Sushi lovers rejoice: Real wasabi has taken roots in the Islands.
|In Japan, wasabi has traditionally been seen as something that helps keep you healthy. Scientists have discovered that it indeed has antimicrobial properties. photo: Rae Huo|
Wasabi has a way of letting you know you’ve eaten it: a burning rush of heat through your nostrils. Unlike chili peppers, it’s a short-lived sensation, but poignant nonetheless. We’ve all experienced it, that green smear in between the rice and fish served at sushi bars. But few of us have ever tasted the real thing.
The green paste we have grown accustomed to is a mere imitation, a mixture of plain horseradish, mustard and green food coloring. Sold in powdered form that is mixed with water, or as a premixed paste in a tube, “wasabi” is ubiquitous.
Fresh wasabi is a rare find and distinctly different. The fresh root is gnarly; it has a grassy, green flavor and a hint of sweetness when finely grated. Most chefs use a fine-toothed grater; in Japan, a sharkskin grater is preferred.
Until the past decade, you had to go to Japan to get the real thing: a root that grew along stream beds in the mountains, where a river’s cool, flowing waters provided a unique growing environment. Once in a while, at a local sushi bar, you’d witness the unwrapping of a suspicious root that had been smuggled into town.
In the early 1990s, farmers began cultivating wasabi in Oregon, hoping to supply the growing demand for this unique condiment as sashimi and sushi grew in popularity in America. You can now find fresh wasabi in a tube, and even the fresh root can occasionally appear at Japanese markets and specialty stores around town. But on the Big Island, Lance Yamashiro grows the real thing.
Situated in cool, damp Volcano, Yamashiro’s 60-acre farm has produced daikon, cabbage and flowers for three generations. “I wanted to find something that no one else was growing,” says Yamashiro. “Each generation did something special on this farm; wasabi is my thing.”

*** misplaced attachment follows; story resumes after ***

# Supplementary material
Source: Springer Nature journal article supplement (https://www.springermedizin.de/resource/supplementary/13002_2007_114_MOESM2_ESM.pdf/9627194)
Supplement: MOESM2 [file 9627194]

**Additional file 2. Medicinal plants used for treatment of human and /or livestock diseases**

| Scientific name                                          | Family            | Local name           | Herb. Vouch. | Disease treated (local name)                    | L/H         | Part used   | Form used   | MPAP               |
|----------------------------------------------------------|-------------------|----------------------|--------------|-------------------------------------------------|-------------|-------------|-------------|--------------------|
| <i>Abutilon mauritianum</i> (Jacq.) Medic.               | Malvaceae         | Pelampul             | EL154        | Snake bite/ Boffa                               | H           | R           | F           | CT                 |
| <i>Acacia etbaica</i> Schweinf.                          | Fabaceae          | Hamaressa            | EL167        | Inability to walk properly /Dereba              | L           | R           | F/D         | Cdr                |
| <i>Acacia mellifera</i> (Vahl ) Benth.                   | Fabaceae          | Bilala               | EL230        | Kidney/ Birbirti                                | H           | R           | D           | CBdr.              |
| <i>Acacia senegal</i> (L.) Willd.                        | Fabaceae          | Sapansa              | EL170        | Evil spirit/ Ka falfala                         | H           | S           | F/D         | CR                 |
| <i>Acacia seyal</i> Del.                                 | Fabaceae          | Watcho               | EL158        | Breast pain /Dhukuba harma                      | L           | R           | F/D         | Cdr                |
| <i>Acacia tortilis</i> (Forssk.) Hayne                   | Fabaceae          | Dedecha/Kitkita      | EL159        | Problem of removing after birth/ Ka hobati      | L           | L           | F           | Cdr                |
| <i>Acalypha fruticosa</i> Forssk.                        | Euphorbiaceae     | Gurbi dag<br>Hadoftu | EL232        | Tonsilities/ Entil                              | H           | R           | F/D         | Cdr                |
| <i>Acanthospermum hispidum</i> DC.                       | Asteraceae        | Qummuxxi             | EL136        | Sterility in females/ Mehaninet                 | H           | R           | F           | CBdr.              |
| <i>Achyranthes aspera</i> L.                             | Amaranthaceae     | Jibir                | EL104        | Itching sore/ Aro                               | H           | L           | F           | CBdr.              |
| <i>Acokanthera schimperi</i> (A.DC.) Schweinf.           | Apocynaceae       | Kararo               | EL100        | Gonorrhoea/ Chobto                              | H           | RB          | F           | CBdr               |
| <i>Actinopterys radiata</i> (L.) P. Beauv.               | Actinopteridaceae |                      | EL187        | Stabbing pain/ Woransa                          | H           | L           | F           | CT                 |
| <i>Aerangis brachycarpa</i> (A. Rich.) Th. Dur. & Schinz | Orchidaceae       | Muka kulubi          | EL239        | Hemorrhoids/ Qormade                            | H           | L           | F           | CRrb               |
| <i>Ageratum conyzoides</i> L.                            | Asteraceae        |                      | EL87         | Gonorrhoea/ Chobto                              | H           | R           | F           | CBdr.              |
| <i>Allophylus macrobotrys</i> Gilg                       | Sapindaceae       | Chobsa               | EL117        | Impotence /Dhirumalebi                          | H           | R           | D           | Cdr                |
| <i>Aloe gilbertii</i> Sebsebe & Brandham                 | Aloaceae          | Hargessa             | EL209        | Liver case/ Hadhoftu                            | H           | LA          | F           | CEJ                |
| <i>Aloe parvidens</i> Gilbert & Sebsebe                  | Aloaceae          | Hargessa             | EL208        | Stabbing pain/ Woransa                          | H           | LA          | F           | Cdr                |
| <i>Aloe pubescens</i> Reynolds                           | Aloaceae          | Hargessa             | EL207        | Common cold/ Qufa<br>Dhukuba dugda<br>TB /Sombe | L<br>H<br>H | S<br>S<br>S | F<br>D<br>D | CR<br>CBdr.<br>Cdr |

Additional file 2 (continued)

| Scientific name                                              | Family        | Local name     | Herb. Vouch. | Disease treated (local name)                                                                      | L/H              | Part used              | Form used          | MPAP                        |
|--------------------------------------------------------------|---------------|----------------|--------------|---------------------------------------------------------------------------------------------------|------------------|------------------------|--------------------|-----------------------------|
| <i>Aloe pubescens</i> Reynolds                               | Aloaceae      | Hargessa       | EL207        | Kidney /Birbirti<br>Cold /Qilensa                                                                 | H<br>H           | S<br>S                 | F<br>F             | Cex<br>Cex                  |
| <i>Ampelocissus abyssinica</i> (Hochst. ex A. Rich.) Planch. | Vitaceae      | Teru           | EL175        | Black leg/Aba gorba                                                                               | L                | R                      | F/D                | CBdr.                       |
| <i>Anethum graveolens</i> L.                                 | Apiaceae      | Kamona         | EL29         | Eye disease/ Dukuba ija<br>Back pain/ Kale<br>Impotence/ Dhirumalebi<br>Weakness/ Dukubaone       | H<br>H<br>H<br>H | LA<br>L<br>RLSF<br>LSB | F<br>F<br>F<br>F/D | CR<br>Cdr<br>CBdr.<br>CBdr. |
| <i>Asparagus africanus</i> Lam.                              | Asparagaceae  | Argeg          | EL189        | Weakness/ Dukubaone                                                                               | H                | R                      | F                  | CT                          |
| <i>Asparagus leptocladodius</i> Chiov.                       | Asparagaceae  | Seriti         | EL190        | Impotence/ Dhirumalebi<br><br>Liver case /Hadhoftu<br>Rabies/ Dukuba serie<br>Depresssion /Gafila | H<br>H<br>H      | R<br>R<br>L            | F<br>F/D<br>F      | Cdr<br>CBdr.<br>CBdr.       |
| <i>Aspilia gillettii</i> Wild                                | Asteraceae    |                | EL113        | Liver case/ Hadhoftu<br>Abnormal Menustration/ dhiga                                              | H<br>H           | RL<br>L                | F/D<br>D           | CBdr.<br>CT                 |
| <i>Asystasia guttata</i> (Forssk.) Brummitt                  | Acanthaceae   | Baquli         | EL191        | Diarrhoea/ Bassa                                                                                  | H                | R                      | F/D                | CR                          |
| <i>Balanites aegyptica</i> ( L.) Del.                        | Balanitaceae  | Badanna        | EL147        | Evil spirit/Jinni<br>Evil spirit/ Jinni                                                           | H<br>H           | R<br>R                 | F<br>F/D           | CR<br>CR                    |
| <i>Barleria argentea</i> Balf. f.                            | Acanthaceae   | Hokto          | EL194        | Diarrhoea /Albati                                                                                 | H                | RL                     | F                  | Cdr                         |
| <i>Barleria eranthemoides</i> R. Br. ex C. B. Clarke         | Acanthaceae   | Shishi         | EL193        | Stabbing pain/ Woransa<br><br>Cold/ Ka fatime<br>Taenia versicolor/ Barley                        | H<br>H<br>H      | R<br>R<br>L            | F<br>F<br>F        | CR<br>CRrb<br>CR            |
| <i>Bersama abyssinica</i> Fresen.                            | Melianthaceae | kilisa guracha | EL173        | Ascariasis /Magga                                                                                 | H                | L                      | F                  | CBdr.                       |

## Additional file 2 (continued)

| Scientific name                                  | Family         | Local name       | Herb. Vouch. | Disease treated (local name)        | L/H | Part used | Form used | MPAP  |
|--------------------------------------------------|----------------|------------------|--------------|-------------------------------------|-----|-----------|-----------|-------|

Yamashiro spent years and dollars researching wasabi. “I bought some plants from Oregon and Canada, investing a couple of thousand dollars here and there. I lost that—it was like going to Las Vegas. It was a learning process.”
After several years, he figured out how to cultivate the plant, a member of the cabbage family. Through e-mails, he found a farmer in Japan who would sell him a single plant, a feat in itself, since few farmers want to share this special item. After purchasing the plant, Yamashiro had it immediately sent to Taiwan for tissue culture, wherein the plant was used to produce more plants—many more. One day, 12,000 plants in flasks arrived in Volcano. Each one needed to be segregated and put into a planting medium within 36 hours. That “single plant” from the Japanese farmer wound up costing about $10,000.
But Yamashiro’s gamble is beginning to pay off. With a half-acre under shade cloth and his fourth generation of plants now acclimated to their environment, Yamashiro hopes to double his plantings this year and increase them by 50 percent each year. Wasabi grows year-round, but more vigorously in the winter months, when it’s cooler. Vigorous by its time frame, of course—it takes two years for the root of a single wasabi plant to weigh two to three ounces.
Yamashiro has a steady clientele of a handful of top restaurant kitchens, including Alan Wong’s, Roy’s Kihei, Four Seasons (at Ko‘ele and Manele, Lana‘i) and Hotel Hana-Maui. They are willing to pay $50 per pound, and Yamashiro can barely keep up with the demand. It may be a while before we see his fresh wasabi in sushi bars around town, but, like him, we’ll bet that the day will come.